VICIOUS VERSES AND REANIMATED RYHMES
Edited By A.P. Fuchs
Published by Coscom Entertainment
Publication Date: 2009
Format: Black & White – 144 pages
“While most people plan
For fire and flood, earthquakes
Winters, acts of God
You plot a course
For the day
Some new Frankenstein
Raises the dead.”
-“Zombie Attack Escape Plan”, Claire Askew
I really need to move on from Z-Lit for a little while, before my tolerance is completely lost, but at least this is something a tad different. Not a short story collection or a journal of the end of our days or even a full out novel, but a collection of Zombie Poetry. I never would have thought I would see those words, in that order and proximity on my computer screen as I wrote a review, but why the hell not, eh? Let’s dive into this fleshy soup.
Vicious Verses is bookended by somewhat long (by non-epic poetry standards) narrative poems that do well to set the stage for the work as a whole. “Isabella”, by Adam Huber, tells us the tale of a father and his zombie daughter while “Payback Time” by Paul Freeman is one of love, death and vengeance as a teen among the undead. What these two have in common, despite two very different emotional cores, is a strong sense of the interior life of the characters. That approach of givining small splashes of insight runs through the entire collection, creating a feeling of global devastation in a wide variety of voices, styles approaches and points of view.
Most of the poems, like those listed above, tend toward narrative, one of the best of these being Camille Alexa’s “Such a Little Thing”, quite a moving story that centers more on the pain of loss than cannibalistic goodies. “Zombies at my Door” (John Hayes) makes a nice change into the traditional Voodoo Zombie tale, as does “I Zambi” (Kyle Hemmings), earning both authors my thanks for remembering the roots of the genre. “When the Dead Were Among Us” (Kara Ferguson) had me cheering with a single line: “We were saved by the videogame.” And “Former Vocations” (Aaron Polson) provides marvelously personal snapshots of the end of it all.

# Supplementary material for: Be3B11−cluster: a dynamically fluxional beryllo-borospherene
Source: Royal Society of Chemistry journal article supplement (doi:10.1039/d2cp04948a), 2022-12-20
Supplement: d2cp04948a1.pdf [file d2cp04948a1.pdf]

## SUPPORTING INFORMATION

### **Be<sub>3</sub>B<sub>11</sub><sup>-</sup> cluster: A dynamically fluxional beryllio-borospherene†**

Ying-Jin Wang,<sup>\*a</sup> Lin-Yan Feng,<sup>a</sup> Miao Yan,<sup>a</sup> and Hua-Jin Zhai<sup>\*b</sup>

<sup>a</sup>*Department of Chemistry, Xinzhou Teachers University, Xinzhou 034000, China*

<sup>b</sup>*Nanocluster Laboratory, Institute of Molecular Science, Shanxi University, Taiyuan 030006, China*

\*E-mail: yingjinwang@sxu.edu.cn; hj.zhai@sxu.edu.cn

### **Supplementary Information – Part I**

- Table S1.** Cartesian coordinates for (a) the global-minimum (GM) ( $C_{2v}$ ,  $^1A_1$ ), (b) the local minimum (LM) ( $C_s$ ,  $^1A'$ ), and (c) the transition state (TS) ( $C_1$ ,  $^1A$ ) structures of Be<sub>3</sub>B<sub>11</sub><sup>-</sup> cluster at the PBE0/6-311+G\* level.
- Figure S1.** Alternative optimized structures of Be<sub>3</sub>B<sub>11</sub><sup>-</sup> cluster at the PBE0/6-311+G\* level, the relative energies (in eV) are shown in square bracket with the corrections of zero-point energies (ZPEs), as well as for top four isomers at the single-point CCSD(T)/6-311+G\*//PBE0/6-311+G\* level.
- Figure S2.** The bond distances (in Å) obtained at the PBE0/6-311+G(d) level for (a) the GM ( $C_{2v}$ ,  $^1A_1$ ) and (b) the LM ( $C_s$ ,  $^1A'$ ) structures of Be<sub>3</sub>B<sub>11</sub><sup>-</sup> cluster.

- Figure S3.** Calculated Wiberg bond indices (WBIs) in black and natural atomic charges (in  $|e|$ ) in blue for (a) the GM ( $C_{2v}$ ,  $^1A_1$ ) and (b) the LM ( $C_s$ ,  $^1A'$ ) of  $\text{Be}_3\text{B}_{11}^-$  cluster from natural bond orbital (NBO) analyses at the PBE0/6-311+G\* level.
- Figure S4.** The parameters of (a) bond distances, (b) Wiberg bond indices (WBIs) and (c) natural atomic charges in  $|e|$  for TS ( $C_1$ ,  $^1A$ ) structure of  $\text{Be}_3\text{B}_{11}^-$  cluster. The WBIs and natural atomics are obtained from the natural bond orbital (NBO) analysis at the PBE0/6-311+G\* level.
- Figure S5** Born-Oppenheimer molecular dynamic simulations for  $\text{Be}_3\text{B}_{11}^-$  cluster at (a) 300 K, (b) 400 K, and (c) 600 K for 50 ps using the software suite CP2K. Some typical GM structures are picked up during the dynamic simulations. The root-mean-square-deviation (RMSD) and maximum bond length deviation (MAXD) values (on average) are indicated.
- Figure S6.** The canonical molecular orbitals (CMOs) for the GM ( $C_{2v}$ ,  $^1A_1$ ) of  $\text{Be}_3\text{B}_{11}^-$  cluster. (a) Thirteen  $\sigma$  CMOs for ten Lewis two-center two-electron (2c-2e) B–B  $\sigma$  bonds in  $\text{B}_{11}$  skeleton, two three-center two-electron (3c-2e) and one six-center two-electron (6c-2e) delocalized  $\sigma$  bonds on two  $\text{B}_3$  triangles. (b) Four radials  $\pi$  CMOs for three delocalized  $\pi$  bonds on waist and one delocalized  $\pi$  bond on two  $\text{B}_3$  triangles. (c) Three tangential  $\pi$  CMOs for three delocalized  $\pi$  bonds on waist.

Then there are the more emotional/sensory based works, sharply punctuated attacks of interior imagery like the mind-blowing “Slow Bites” by Steve Vernon. Easily among the best of this collection, we see the zombification of a family and resultant feeding upon our dear narrator as an extension of the slow nibbling away of his life that has occurred since his birth. Jennifer Williams, once again with a single line (“I have faith in the emptiness of my soul”), moved me to new dimension via “Incarnate”.
Acknowledging that humor exists alongside horror and suffering even in the worst of times, there are plenty of gorgeously silly works like Mat Betts’ “My Zombie Journal” (“Brains in brains brains brains brains the brains. Others won’t share brains with the brains of us.”). Shaula Evans approaches “The Burning Zombie Question” none of us dare to mention: What about the poop? And two words to blow your flippin mind: Zombie Limericks! Yep.
A moment needs to be taken to mention the effortless use of form by some of the poets present. JC Hayes (“They Eat Our Brains”) and Tonia Brown (“A Zombie Sestina: Only Flesh”) help provide examples of how formal poetry can be used without drawing undo attention to the form itself. Thank you for that.
Finally, there were a few odd balls. “Zombie Slave” (John Platt) left me confounded for a moment. Meanwhile, “Me Returneth” (W. Bill Czolgosz) left me howling at work. I honestly don’t know a good way to describe these without giving the fun away.
Fuchs took a bit of a risk with this anthology, but it pays off overall. The closest to a problem that I came across, besides the occasional clunker, was that the volume of poems present tends to make them all blur together if read consecutively. If you give yourself a couple days’ break every 30 or so poems, though, you’ll find some great work here.
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